ZENIT: Tell us, Cardinal Bo, about your own involvement and presence in this trip.
Cardinal Bo: As the president of the Federation of Asian Bishops’ Conferences (FABC), it is my duty and privilege to accompany the Pope in his travel. I am present with him in his major events. I was following the preparations being made by the respective Bishops’ Conferences of Japan and Thailand.
ZENIT: Apart from Japan and Thailand, what does this trip mean for the rest of Asia?
Cardinal Bo: This trip is deeply significant for two reasons: First of all, Christian communities in Asia are small in number except in East Timor and the Philippines. But the Christian contribution to education and health is massive. The Pope’s visit will shine a light on these works. Pope John Paul II when he visited Asia, made proactive disclosure of Asian Christian Church’s role. We do hope his visit will give greater visibility to the quality contribution of the minority Catholic Church towards nation-building in many Asian Countries through education and health.
ZENIT: And what is the second reason?
Cardinal Bo: The second significant reason is that Asia is the cradle of great religions. Eastern religions are getting more attention in the West. Buddhism has many admirers and converts in the West. Japan is the cradle of Zen. Thailand is the center of Theravada Buddhism. Asian religions have a greater sensitivity to protecting nature. The inter-being sense of Asian religions – believing that we are connected with one another and with nature – is a strong idea proposed by those who are concerned about the integrity of nature. Pope Francis has been mainstreaming our relationship with one another and our Mother Earth through the seminal encyclicals like Laudato Si. The Pope’s initiatives on protecting nature open new opportunities for engaging with Asian religions.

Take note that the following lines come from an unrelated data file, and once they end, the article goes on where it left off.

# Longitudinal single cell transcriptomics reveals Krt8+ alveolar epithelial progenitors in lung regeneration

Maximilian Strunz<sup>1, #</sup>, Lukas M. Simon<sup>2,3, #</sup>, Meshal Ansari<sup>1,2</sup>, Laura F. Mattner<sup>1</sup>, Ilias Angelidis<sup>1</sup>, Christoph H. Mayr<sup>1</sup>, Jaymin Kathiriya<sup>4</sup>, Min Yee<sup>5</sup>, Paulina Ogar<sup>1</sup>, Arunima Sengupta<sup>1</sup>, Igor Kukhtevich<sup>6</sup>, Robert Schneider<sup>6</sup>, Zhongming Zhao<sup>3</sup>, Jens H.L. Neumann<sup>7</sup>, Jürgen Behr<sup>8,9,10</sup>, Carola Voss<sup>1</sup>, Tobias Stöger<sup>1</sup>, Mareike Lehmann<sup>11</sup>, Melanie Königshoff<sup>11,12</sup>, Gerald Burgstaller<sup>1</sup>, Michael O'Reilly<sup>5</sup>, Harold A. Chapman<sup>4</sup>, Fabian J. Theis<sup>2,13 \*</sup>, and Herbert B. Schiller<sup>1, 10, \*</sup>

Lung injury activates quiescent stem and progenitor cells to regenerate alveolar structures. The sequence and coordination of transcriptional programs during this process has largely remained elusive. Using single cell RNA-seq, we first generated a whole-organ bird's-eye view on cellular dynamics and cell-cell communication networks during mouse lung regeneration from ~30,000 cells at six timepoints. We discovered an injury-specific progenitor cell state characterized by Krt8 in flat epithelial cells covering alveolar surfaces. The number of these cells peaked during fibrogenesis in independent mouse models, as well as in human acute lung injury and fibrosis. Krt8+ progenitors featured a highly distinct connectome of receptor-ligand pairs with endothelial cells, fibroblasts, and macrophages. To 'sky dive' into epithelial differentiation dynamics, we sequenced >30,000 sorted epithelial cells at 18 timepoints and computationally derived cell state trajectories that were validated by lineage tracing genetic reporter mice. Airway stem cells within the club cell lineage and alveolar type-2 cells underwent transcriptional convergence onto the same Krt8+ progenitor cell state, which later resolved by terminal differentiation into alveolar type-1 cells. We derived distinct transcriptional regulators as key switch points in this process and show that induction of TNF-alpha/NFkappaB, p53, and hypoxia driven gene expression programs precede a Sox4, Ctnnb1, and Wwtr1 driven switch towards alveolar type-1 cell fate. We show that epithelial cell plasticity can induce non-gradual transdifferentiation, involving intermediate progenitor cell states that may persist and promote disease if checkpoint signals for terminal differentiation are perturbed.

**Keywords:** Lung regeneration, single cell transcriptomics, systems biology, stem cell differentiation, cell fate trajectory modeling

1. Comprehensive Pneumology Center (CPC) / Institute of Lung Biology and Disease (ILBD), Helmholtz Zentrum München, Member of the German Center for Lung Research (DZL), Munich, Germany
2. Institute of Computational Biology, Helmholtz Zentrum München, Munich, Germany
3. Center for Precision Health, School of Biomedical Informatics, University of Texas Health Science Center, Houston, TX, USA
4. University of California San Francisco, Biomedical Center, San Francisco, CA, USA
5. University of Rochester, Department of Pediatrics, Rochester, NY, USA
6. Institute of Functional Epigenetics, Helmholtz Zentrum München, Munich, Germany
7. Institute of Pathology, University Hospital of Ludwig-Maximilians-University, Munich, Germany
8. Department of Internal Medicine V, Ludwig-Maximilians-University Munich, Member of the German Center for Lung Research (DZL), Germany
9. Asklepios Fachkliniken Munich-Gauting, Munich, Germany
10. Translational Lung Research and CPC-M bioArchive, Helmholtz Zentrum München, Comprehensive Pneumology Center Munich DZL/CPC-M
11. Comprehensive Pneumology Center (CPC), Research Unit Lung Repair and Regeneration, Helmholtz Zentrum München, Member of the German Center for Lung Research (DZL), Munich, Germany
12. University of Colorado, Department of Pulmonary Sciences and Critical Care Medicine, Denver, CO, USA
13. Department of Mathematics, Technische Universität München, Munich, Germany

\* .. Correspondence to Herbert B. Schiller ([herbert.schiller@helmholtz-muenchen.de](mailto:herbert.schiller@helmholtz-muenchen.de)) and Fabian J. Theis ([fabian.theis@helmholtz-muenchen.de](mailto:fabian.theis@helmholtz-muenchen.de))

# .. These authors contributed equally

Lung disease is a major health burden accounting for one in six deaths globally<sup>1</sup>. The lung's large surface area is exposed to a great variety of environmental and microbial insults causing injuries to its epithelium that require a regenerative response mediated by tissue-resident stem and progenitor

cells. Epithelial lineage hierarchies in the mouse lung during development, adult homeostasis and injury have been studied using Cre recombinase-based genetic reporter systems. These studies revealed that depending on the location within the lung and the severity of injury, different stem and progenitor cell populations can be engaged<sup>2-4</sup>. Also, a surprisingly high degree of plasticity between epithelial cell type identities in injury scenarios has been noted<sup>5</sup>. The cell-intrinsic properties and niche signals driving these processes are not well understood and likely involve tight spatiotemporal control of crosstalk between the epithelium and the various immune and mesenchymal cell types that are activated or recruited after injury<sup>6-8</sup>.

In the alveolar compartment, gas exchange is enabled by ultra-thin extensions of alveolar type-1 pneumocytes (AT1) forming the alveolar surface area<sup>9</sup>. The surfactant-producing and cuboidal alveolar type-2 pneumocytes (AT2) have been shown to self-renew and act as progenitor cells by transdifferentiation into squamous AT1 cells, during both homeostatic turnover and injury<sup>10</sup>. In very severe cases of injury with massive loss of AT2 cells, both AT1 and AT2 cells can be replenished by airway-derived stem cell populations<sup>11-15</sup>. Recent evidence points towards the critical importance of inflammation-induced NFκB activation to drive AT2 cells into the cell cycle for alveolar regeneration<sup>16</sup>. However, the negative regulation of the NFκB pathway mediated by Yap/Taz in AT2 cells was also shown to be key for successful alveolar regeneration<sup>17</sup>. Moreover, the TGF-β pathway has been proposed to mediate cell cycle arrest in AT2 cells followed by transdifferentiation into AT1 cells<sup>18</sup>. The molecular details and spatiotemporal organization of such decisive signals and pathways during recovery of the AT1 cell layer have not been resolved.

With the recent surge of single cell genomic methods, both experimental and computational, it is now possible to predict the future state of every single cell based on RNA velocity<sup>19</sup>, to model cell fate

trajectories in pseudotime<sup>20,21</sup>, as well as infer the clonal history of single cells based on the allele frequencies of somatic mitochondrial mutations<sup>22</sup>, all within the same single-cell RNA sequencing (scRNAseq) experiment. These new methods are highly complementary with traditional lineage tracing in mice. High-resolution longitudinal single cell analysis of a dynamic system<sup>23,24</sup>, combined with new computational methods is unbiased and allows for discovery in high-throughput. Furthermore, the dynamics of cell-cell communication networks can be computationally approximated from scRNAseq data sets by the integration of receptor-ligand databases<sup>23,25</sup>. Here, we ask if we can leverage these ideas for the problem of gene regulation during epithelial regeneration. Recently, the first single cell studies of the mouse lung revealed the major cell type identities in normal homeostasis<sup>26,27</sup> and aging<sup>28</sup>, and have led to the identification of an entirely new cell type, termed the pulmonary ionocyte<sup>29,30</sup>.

ZENIT: There is much anticipation for the Pope’s stops in Hiroshima and Nagasaki, the only places where nuclear weapons have been used. In Asia, there are many countries that possess atomic weapons. What reactions will the words and gestures of the Pope have in those countries?
Cardinal Bo: The Pope’s views on weapons is well known. He had castigated powerful countries that thrive on the arms industry. The West enriches itself with the supply of arms to poorer countries like Afghanistan and Yemen. The Pope has been merciless in condemning the blood money earned by rich countries. The Second World War was a human tragedy that defies any explanation. But the atom bomb tragedy targeting children and women remains one of the festering wounds of collective human conscience. The horror of Hiroshima and Nagasaki has not deterred Asian countries like China, India and Pakistan from possessing nuclear weapons. The Pope’s words and actions during his brief visit, we hope, will further the dialogue on atomic weapons.